A rate and term refinance is a loan improvement. You exchange your old mortgage for a new one that (hopefully) leaves you in a better financial position.
You may be able to accomplish one or more goals with a rate and term refinance, such as:
Lowering your monthly payment.
Reducing the amount of interest you pay over the long term.
Building equity in your home and paying it off faster.
Changing the type of loan you have, from an adjustable-rate to a fixed-rate mortgage or an FHA to a conventional loan, for example.
Eliminating mortgage insurance.
When to consider a rate and term refinance
Several situations might prompt you to consider a rate and term refinance. Mortgage rates moving significantly lower might be one. Having an adjustable-rate mortgage approach the end of its initial fixed-rate guarantee could be another.
Other scenarios that might present an excellent opportunity to refinance your home loan to a better rate or a different term include:
When your credit score improves or you start to make more money
With a higher credit score than when you closed your current loan, you may earn a lower mortgage rate. Or, if your earnings increase, you may opt to shorten the loan term to pay off your mortgage faster.
When the break-even point matches your plans
Consider the time it will take to recoup the costs of a refinance with how long you intend to remain in your home. That determines your refinance break-even point. If your break-even point falls well within your stay-here plans, a refi might make sense.
“Some borrowers also look to a rate and term refinance when they’re trying to time the payoff of their mortgage with retirement.”
When you have at least 20% equity in your home
Mortgage insurance is a fee you pay to protect the lender’s interest in your home loan. In many cases, mortgage insurance can be eliminated once you have 20% equity, and refinancing is one way to make that happen.
Some borrowers also look to a rate and term refinance when they’re trying to time the payoff of their mortgage with retirement, says Christopher Sailus, a vice president with WaFd Bank in Seattle.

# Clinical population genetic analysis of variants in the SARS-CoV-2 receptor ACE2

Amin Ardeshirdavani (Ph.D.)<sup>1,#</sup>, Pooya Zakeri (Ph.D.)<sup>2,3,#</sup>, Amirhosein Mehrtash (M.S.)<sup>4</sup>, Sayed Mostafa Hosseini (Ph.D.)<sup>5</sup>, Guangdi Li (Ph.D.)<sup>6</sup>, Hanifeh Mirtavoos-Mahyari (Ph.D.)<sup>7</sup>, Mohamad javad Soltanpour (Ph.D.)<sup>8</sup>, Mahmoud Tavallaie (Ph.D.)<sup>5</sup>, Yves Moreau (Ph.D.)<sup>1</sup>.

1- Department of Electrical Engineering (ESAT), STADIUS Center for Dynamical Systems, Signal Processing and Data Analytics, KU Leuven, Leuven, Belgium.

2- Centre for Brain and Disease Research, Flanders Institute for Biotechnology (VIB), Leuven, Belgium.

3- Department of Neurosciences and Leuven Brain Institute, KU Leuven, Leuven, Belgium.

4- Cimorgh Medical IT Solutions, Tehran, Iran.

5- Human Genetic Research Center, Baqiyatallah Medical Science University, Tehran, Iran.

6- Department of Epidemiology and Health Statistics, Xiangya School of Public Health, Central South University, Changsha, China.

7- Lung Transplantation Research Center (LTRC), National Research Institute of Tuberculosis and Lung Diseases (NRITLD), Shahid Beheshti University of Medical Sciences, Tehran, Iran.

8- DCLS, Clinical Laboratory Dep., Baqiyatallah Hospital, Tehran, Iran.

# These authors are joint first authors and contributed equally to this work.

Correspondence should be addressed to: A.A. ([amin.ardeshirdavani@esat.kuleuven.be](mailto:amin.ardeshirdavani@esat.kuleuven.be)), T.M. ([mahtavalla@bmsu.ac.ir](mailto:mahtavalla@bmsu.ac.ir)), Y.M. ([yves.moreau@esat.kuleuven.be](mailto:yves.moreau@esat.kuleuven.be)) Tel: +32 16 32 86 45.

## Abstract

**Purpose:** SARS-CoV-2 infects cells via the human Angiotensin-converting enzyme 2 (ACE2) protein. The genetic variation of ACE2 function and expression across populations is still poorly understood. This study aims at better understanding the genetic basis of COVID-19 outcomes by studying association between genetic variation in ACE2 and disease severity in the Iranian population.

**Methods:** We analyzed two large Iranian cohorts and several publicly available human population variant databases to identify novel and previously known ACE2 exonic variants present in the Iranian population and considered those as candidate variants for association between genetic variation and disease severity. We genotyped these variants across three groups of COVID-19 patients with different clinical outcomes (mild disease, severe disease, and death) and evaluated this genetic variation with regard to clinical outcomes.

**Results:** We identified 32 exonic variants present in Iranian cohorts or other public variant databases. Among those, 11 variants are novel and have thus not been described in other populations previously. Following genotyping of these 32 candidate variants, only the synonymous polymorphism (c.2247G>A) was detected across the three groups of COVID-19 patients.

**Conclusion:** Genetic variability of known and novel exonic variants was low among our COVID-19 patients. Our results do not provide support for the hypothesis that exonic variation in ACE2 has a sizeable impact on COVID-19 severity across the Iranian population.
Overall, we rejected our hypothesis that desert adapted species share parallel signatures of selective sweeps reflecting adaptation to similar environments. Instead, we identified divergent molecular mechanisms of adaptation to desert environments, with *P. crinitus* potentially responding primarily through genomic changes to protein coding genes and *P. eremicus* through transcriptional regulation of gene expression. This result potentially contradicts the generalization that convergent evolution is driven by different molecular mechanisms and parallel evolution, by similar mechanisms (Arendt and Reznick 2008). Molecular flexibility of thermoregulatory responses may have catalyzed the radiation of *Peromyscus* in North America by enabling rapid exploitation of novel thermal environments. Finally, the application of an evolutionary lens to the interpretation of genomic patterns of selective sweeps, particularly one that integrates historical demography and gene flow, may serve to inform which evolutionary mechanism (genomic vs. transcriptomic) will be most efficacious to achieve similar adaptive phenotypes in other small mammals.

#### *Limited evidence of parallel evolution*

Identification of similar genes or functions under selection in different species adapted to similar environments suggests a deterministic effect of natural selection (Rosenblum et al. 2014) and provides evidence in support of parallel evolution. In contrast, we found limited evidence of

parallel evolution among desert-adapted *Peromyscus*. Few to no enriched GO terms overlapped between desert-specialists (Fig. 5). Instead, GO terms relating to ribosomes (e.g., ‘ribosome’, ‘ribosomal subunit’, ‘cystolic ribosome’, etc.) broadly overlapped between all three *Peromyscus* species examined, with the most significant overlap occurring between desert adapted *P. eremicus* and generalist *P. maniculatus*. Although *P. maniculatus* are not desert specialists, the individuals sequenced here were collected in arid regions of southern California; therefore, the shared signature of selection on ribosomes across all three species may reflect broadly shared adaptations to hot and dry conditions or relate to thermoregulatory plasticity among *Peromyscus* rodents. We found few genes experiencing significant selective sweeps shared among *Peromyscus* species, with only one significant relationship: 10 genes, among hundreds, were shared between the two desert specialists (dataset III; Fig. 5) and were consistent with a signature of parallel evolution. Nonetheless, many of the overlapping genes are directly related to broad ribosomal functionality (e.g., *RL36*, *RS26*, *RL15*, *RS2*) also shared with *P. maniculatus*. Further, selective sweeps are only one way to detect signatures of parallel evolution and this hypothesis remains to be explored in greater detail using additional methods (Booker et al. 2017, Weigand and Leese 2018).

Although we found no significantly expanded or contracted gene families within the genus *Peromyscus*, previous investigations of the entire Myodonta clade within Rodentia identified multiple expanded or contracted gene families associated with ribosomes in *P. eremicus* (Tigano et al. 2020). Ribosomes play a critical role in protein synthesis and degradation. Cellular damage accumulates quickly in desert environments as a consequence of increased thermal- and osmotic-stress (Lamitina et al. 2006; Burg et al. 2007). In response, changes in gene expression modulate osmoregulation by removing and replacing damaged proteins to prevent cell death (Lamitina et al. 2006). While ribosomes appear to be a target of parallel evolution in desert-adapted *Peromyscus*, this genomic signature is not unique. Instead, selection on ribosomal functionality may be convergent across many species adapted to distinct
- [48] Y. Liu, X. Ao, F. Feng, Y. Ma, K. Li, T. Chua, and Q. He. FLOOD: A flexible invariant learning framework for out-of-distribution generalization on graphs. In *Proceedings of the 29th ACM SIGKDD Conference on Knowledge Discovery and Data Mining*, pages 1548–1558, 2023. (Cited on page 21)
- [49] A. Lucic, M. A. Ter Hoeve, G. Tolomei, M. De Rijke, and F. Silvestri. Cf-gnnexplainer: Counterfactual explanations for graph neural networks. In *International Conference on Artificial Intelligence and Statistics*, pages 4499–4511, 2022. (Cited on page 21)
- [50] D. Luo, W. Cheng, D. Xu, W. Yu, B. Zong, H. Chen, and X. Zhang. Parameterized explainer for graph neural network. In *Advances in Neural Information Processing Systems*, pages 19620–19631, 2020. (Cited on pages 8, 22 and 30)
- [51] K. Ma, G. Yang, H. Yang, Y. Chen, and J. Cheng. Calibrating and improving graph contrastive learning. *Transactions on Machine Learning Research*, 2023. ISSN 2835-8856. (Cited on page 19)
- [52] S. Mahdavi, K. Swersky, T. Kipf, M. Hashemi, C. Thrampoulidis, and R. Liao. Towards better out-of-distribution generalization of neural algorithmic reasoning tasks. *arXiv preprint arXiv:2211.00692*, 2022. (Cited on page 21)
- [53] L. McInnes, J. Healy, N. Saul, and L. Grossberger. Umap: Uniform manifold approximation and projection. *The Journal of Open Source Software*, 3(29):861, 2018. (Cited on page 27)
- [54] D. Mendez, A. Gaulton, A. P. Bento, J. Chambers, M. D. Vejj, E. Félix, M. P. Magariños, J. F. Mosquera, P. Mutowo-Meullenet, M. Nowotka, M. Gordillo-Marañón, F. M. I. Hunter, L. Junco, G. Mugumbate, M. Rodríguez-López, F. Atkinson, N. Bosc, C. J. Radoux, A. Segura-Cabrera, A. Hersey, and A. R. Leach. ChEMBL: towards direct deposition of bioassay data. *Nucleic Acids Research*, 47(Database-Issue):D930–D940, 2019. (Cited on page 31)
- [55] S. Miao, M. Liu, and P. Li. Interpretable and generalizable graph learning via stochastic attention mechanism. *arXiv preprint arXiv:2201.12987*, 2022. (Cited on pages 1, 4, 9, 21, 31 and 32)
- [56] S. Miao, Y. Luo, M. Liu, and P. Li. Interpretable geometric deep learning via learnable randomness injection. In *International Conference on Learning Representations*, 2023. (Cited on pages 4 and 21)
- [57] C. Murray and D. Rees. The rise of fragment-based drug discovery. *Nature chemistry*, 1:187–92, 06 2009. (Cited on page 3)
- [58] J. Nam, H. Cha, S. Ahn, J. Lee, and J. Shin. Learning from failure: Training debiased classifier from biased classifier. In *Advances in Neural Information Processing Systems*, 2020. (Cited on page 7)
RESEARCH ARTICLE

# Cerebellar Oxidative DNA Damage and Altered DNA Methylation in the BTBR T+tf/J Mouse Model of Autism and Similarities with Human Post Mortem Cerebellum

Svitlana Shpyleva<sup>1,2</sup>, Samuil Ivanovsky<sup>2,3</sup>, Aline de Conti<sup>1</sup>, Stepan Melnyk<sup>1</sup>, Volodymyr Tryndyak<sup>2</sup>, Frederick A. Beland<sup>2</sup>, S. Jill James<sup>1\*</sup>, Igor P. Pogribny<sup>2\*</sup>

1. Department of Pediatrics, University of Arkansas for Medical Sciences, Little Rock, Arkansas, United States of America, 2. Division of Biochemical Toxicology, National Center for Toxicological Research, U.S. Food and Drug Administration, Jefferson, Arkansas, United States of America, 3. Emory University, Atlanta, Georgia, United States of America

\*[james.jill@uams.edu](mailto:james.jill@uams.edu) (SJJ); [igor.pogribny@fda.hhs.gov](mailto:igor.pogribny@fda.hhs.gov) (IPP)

Rate and term vs. cash-out refinancing
The primary difference between a rate and term refi and a cash-out refinance, other than the money you pocket, is this: A rate and term refi maintains or reduces your current amount of housing debt. A cash-out refi, where you take some of the equity out of your home, increases your debt.
However, you can draw some cash out of a rate and term refinance, without it being considered a cash-out refi. Generally, it’s 2% of the loan value or $2,000, whichever is less, Sailus says.
“You have to have no more than $2,000 coming back to you at closing to keep the loan as a rate and term refinance,” adds Derrick Strauss, branch manager of Planet Home Lending in Denver.
“You can roll in your closing costs and escrows — those don’t count toward the $2,000 limit. The $2,000 limit is just the money you receive at closing.”
When is refinancing to a lower rate worth it?
Strauss suggests doing a little math to see if a refi is right for you.
“To see your savings, compare the cost of all the monthly payments you have left on your current home loan to all the monthly payments on the new loan. Be sure to add the cost to refinance when totaling your new loan costs,” Strauss says.
Rate and term refinance guidelines and costs
With what is called “loan-level pricing,” borrowers with a loan-to-value ratio of 65% or less get the best deals, Sailus says. However, lenders may approve refinance loans for borrowers with up to 80% loan-to-value, sometimes even as high as 95%, he adds.
A minimum credit score of 620 is preferred by rate and term refinance lenders, though lower scores are not always disqualified, according to Sailus.
What are the costs of a rate and term refinance? You could pay 2%-5% in closing costs for a refinance. That’s another good reason to shop a few lenders to see who offers the best combination of mortgage rates and low fees.